Donald Trump Would Lead The GOP To Electoral College Disaster
Putting Donald Trump at the top of the ticket would likely lead to an Electoral College disaster for Republicans.
Donald Trump may be well-positioned to win the Republican nomination for President, but putting him at the top of the ticket could mean an historic loss for the GOP in November:
Donald J. Trump’s presidential candidacy has stunned the Republican Party. But if he survives a late revolt by his rivals and other leaders to become the party’s standard-bearer in the general election, the electoral map now coming into view is positively forbidding.
In recent head-to-head polls with one Democrat whom Mr. Trump may face in the fall, Hillary Clinton, he trails in every key state, including Florida and Ohio, despite her soaring unpopularity ratings with swing voters
In Democratic-leaning states across the Rust Belt, which Mr. Trump has vowed to return to the Republican column for the first time in nearly 30 years, his deficit is even worse: Mrs. Clinton leads him by double digits in Wisconsin, Michigan and Pennsylvania.
Mr. Trump is so negatively viewed, polls suggest, that he could turn otherwise safe Republican states, usually political afterthoughts because of their strong conservative tilt, into tight contests. In Utah, his deep unpopularity with Mormon voters suggests that a state that has gone Republican every election for a half-century could wind up in play. Republicans there pointed to a much-discussed Deseret News poll last month, showing Mrs. Clinton with a narrow lead over Mr. Trump, to argue that the state would be difficult for him.
Horse-race polls this early are poor predictors of election results, and candidates have turned around public opinion before. And the country’s politics have become so sharply polarized that no major-party contender is likely to come near the 49-state defeats suffered by Democrats in 1972 and 1984.
But without an extraordinary reversal — or the total collapse of whoever becomes his general-election opponent — Mr. Trump could be hard-pressed to win more than 200 of the 270 electoral votes required to win.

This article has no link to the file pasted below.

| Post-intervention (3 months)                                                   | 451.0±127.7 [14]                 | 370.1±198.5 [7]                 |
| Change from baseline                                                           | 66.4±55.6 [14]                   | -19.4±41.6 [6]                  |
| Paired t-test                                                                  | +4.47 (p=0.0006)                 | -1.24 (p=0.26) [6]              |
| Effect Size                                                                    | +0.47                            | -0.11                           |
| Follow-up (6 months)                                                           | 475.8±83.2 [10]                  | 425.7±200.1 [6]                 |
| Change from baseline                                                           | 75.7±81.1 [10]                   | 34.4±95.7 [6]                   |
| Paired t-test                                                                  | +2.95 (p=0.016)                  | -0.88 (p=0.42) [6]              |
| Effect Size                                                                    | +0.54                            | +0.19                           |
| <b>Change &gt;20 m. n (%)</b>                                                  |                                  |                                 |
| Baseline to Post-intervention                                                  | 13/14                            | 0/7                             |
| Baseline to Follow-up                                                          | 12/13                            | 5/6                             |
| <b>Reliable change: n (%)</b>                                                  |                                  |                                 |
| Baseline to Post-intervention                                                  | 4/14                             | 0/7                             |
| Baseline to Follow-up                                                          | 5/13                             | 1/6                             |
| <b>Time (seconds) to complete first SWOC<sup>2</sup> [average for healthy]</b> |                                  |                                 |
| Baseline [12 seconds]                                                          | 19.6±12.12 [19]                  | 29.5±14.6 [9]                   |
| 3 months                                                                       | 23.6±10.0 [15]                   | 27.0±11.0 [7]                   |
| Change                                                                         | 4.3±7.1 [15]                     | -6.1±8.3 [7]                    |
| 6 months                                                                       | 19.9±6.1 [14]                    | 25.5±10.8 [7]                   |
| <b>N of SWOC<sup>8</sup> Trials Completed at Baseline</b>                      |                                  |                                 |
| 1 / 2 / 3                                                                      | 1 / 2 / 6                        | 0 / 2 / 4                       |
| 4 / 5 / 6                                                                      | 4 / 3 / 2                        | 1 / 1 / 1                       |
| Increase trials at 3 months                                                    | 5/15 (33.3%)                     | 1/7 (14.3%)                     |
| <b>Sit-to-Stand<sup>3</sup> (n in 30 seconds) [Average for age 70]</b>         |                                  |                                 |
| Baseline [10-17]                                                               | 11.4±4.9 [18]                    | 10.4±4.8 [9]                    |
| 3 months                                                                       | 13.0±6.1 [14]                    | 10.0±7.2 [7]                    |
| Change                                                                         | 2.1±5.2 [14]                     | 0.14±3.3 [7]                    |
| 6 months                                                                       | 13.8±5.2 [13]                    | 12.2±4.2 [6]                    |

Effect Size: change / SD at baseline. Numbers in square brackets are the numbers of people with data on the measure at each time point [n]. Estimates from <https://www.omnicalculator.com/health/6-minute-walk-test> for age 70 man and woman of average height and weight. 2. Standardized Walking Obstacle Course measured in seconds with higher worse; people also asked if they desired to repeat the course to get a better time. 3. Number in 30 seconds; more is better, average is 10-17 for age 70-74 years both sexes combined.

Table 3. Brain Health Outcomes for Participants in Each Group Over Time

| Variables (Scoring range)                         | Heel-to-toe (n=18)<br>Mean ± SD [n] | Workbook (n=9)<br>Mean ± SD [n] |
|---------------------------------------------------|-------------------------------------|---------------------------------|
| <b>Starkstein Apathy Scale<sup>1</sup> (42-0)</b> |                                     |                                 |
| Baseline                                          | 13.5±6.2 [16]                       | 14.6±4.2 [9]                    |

As it is, any Republican candidate is likely to have a difficult time putting together the 270 Electoral College votes needed to win the Presidency thanks to what appears to be a fairly solid Democratic lock on a number of states stretching back to the 1992 election that have allowed the Democratic candidate to win four of the last six Presidential elections, and to nearly win a fifth in 2000. Based on these elections, any Democratic candidate walks into a General Election with a fairly solid base of states that include everything from California to New York, along with states such as Pennsylvania, Illinois, Michigan, and Wisconsin, some of which may seem tempting to Republicans in a given year but which have all gone solidly for the Democratic nominee since at least 1992. Depending on how you classify these states, this gives the Democrats as much as 242 Electoral Votes that are more or less in the bank, while Republicans can reliably rely upon states totaling no more than 206 Electoral Votes. The advantages for Democrats are obvious. Assuming they can hold on to the states that have been reliably Democratic in the past six elections, a Democrat needs to win only 28 of the remaining 90 Electoral Votes in order to win the election, something that could be done simply by winning Florida and its 29 Electoral Votes or by winning Ohio or Virginia and a handful of other states. Republicans, on the other hand, would need to win 64 Electoral Votes, something that wouldn’t even be done if the GOP somehow managed to win Florida, Ohio, and Virginia.
The reality of this Electoral College math makes 2016 difficult for any Republican candidate, and even more so for a candidate as universally disliked as Trump:
Mr. Trump has become unacceptable, perhaps irreversibly so, to broad swaths of Americans, including large majorities of women, nonwhites, Hispanics, voters under 30 and those with college degrees — the voters who powered President Obama’s two victories and represent the country’s demographic future. All view him unfavorably by a 2-to-1 margin, according to a recent New York Times/CBS News poll.
In some states, Mr. Trump has surprised establishment-aligned Republicans with his breadth of support beyond the less-educated men who form his base. Even so, his support in the nominating process, in which some 30 million people may ultimately vote, would be swamped in a general election, when turnout is likely to be four times that.
“We’re talking about somebody who has the passionate devotion of a minority and alternately scares, appalls, angers — or all of the above — a majority of the country,” said Henry Olsen, a conservative analyst. “This isn’t anything but a historic election defeat just waiting to happen.”